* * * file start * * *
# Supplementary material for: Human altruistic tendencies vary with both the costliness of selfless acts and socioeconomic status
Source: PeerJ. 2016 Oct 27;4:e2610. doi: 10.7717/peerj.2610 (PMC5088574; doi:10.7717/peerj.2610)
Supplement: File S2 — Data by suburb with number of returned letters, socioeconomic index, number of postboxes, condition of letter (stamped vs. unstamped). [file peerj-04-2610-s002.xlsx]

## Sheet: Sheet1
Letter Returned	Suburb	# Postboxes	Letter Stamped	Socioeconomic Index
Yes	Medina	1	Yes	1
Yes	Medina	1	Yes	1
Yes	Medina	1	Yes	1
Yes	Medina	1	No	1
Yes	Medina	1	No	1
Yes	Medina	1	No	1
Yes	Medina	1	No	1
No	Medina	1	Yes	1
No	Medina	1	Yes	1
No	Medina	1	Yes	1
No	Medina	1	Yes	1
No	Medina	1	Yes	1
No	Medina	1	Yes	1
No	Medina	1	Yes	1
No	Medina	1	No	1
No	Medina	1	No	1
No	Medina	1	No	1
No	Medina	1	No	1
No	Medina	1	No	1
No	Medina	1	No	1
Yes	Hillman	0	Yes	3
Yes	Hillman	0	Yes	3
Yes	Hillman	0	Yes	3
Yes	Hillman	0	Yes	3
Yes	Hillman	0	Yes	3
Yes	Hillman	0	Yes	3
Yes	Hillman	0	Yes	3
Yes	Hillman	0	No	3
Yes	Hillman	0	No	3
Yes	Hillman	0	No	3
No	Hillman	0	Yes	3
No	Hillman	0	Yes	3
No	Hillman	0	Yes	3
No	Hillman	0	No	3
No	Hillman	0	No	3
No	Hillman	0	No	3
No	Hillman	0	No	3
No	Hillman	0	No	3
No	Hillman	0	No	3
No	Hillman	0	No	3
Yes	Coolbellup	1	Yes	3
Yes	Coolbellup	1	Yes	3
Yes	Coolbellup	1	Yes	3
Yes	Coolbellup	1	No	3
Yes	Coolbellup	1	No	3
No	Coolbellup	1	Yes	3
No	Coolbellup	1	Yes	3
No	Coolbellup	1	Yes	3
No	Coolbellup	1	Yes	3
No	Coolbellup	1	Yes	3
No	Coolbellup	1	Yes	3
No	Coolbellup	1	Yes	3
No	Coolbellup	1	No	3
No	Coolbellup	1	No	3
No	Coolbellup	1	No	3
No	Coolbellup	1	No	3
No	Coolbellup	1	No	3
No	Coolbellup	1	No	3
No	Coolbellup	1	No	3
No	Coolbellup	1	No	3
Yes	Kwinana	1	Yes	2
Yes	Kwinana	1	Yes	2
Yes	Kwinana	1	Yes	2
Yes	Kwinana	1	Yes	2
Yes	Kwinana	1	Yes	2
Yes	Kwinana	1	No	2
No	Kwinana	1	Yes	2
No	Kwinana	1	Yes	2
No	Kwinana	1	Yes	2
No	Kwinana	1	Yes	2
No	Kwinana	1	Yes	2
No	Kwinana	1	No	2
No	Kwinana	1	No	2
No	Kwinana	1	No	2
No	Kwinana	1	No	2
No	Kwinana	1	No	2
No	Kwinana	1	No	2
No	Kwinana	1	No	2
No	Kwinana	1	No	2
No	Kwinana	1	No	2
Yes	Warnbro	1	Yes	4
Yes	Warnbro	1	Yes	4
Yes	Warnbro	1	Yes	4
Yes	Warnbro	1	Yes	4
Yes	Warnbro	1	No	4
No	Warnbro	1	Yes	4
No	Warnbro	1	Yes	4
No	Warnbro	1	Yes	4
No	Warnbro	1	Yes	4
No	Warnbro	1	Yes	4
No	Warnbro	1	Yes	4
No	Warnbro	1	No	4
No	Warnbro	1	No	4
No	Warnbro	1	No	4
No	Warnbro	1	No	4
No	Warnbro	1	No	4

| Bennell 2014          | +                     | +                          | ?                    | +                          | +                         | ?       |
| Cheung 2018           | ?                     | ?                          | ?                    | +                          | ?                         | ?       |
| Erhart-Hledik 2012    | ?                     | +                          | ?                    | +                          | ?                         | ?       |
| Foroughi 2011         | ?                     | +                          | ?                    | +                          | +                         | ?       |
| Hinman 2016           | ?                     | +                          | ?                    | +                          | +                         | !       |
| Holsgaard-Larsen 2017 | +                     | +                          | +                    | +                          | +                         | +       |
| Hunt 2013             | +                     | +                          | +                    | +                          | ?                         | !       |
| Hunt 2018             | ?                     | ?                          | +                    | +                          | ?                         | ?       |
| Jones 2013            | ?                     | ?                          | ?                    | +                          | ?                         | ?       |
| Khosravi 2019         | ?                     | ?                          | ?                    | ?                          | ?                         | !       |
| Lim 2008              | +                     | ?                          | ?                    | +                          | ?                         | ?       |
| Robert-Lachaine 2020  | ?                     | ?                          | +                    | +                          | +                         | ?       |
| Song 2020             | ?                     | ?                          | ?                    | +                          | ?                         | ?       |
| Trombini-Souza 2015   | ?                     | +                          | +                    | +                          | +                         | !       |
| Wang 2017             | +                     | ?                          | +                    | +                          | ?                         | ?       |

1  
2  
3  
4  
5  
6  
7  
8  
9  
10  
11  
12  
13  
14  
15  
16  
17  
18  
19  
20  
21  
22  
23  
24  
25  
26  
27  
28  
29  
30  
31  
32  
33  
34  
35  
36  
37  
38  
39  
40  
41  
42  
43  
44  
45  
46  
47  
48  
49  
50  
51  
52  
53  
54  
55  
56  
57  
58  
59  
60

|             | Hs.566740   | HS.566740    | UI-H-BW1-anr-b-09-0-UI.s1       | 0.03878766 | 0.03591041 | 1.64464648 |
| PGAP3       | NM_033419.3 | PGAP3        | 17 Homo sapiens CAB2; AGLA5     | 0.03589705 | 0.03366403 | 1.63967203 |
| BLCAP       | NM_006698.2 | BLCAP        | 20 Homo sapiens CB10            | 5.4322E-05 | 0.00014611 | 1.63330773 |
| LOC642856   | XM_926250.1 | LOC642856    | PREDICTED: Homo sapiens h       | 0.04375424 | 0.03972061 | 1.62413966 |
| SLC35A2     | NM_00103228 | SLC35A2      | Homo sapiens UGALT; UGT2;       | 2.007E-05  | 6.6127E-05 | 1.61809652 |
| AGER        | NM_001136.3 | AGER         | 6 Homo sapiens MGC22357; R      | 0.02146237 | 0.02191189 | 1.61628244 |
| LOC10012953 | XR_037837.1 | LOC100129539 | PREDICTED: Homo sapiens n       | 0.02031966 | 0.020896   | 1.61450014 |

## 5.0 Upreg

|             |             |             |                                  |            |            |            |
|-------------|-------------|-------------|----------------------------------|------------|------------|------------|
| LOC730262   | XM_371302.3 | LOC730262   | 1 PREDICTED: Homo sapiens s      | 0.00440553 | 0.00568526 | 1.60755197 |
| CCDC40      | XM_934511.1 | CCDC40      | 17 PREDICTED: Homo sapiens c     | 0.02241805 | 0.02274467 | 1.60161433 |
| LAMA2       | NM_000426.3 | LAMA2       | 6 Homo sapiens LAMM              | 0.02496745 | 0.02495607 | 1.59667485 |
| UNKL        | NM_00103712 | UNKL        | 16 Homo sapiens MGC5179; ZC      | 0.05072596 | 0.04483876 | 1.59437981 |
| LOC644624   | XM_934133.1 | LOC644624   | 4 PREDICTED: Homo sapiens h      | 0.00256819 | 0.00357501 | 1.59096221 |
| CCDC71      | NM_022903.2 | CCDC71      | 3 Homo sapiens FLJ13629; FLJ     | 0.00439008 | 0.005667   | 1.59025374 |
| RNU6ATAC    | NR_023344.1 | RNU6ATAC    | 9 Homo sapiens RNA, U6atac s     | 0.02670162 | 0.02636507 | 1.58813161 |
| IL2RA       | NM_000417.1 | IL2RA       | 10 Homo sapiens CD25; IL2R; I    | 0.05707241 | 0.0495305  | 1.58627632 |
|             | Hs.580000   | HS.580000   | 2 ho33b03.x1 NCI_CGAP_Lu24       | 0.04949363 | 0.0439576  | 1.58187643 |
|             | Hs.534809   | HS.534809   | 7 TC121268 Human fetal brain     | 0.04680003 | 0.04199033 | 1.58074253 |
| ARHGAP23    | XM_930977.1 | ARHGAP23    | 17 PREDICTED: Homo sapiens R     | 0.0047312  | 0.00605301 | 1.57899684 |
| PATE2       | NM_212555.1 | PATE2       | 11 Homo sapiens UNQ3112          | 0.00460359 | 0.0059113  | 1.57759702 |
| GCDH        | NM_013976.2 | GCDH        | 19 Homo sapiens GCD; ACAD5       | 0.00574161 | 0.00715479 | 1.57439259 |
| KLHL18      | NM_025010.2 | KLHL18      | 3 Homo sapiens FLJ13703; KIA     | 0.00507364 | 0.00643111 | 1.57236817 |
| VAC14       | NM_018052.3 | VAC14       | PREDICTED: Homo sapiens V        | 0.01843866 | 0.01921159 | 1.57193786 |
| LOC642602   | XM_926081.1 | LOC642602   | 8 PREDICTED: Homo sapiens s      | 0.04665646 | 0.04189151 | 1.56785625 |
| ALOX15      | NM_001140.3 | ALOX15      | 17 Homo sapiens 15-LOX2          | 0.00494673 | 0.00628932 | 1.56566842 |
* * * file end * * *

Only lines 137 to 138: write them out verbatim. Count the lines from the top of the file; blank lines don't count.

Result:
21  
22  